Besides the technical advantage on the efficiency, Dolby is also moving ahead at all fronts. Dolby wins naming rights to Hollywood icon only a few days earlier before the date they stroke the deal with Microsoft. Last month, Dolby Laboratories, Inc. (NYSE: DLB – News) and Royal Philips Electronics (NYSE: PHG; AEX: PHI) unveiled Dolby® 3D, a 3D HD format and suite of technologies designed to deliver full HD 3D content to 3D-enabled devices, including glasses-free displays. Dolby 3D is being demonstrated at the NAB Show® (April 16–19, 2012) at booth SU1212. Not to mention Dolby Atom, also announced last month by Dolby, is the most significant innovation in years and represents the future for entertainment sound in cinema.( “Dolby Atmos Is the Future of Entertainment Sound”)

I never doubted that Dolby is one of the ideal companies an investor can find in this world. (“Dolby Lab Is on Sale“) When Dolby’s share price dived last year, I bought more. I thought it will take longer time to bounce back. It now seems coming back beyond my expectation.

Infinera, the Jean Maker in Web Gold Rush

We all know the famous story of Levis Jeans. (http://inventors.about.com/od/sstartinventors/a/Levi_Strauss.htm) When the California gold rush was in full swing in 1853, Levi Strauss invented Jeans, which satisfied the demand of miners who wanted strong lasting pants.

Now, it’s the web gold rush. Companies (Apple, Microsoft, Amazon, Google, YouTube, Netflix and etc.) invested billions of dollars in smart phone, Internet TV, web games, cloud computing, video streaming and so on. All these businesses have to deliver their content or services via networks. Cisco predicts that the number of network-connected devices will be more than 15 billion, twice the world’s population, by 2015. In the fifth annual Cisco® Visual Networking Index (VNI) Forecast (2010-2015), the company also said the total amount of global Internet traffic will quadruple by 2015 and reach 966 exabytes per year. With this projection, the industry needs strong lasting networks, which mean scalable, liable and easy to manage networks.

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Dolby Lab Is on Sale

The share price of Dolby is now at $49.84 with a PE of 19. There were $1022 million in current assets and $186 million total liabilities in its first quarter’s balance sheet, among which $148 million were current liabilities. What a balance sheet! Among it, cash and short-term investments were at $787 million, long-term investments were 347 million. Adding these together, it’s $1134 million in cash and investments. With 113 million shares, it’s almost $10 per share. That means the actual price for Dolby is at $39.79, low than $40. With this, the actual PE is now at 16. If you think that Dolby will grow at 16% annually in next five years, the current price seems reasonable.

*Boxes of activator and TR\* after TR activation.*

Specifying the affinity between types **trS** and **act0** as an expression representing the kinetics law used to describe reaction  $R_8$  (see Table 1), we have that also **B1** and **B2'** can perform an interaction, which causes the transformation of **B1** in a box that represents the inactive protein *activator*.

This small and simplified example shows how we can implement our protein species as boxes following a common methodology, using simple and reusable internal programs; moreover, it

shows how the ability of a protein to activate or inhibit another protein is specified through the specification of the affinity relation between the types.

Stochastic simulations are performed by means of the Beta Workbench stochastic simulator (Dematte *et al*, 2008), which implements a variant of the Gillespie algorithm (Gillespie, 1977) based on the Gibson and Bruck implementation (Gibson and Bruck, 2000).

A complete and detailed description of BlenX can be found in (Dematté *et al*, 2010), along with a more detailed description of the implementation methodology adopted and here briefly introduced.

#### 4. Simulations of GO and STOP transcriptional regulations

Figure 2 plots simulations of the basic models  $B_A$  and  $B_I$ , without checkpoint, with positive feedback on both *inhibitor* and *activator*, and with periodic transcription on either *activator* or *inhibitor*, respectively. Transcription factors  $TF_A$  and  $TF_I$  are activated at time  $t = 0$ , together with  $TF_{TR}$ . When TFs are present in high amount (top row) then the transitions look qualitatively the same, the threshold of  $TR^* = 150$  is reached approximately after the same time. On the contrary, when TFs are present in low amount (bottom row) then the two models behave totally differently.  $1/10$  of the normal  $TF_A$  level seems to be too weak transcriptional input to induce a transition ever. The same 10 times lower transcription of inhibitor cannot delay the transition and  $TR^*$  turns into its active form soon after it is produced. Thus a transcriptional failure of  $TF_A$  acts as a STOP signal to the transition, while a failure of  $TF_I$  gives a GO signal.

To get into deeper on the valuation of Dolby, I used discounted cash flow method. With growth projection of 10% annually in next 5 years, Dolby’s intrinsic value per share is $56. Adding $10 per share from cash and investment, Dolby’s intrinsic value per share is $66. The current price of 49.84 is almost 25% discount of $66. The current price is actually predicting that Dolby will grow even slower than 5% annually in the next 10 years.

The very question is “Will the growth of Dolby be 10% annually or even slower in next 5 years?”

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What Shall We Do?

It’s a difficult time for investors. Europe is under the dark cloud of shaky government finances, while Chinese economy is either on the way to a hard landing or a short landing in the best case senario. On the other hand, the stocks are not expensive except the A shares in China. It’s the time to pick the right stock at good price. Life goes on, no matter what will happen temparary to the world economy. When it’s all over, a good company will grow stronger. And even over this uncertain period of time, they are keeping making more money and preparing for better time.

Why You Shouldn’t Follow Buffett

There is a big hoopla around Buffett’s most recent investment in North America’s largest rail company (by market capitalization): Burlington Northern Santa Fe (BNI, news, msgs). Suddenly railway companies become big stars around world. Any company related to railway got a rise on its price, even for the one not owning a single section of railway, on the Shanghai stock exchange. Well, a good investment for Buffett may not be a good investment for everyone. There are 2 reasons.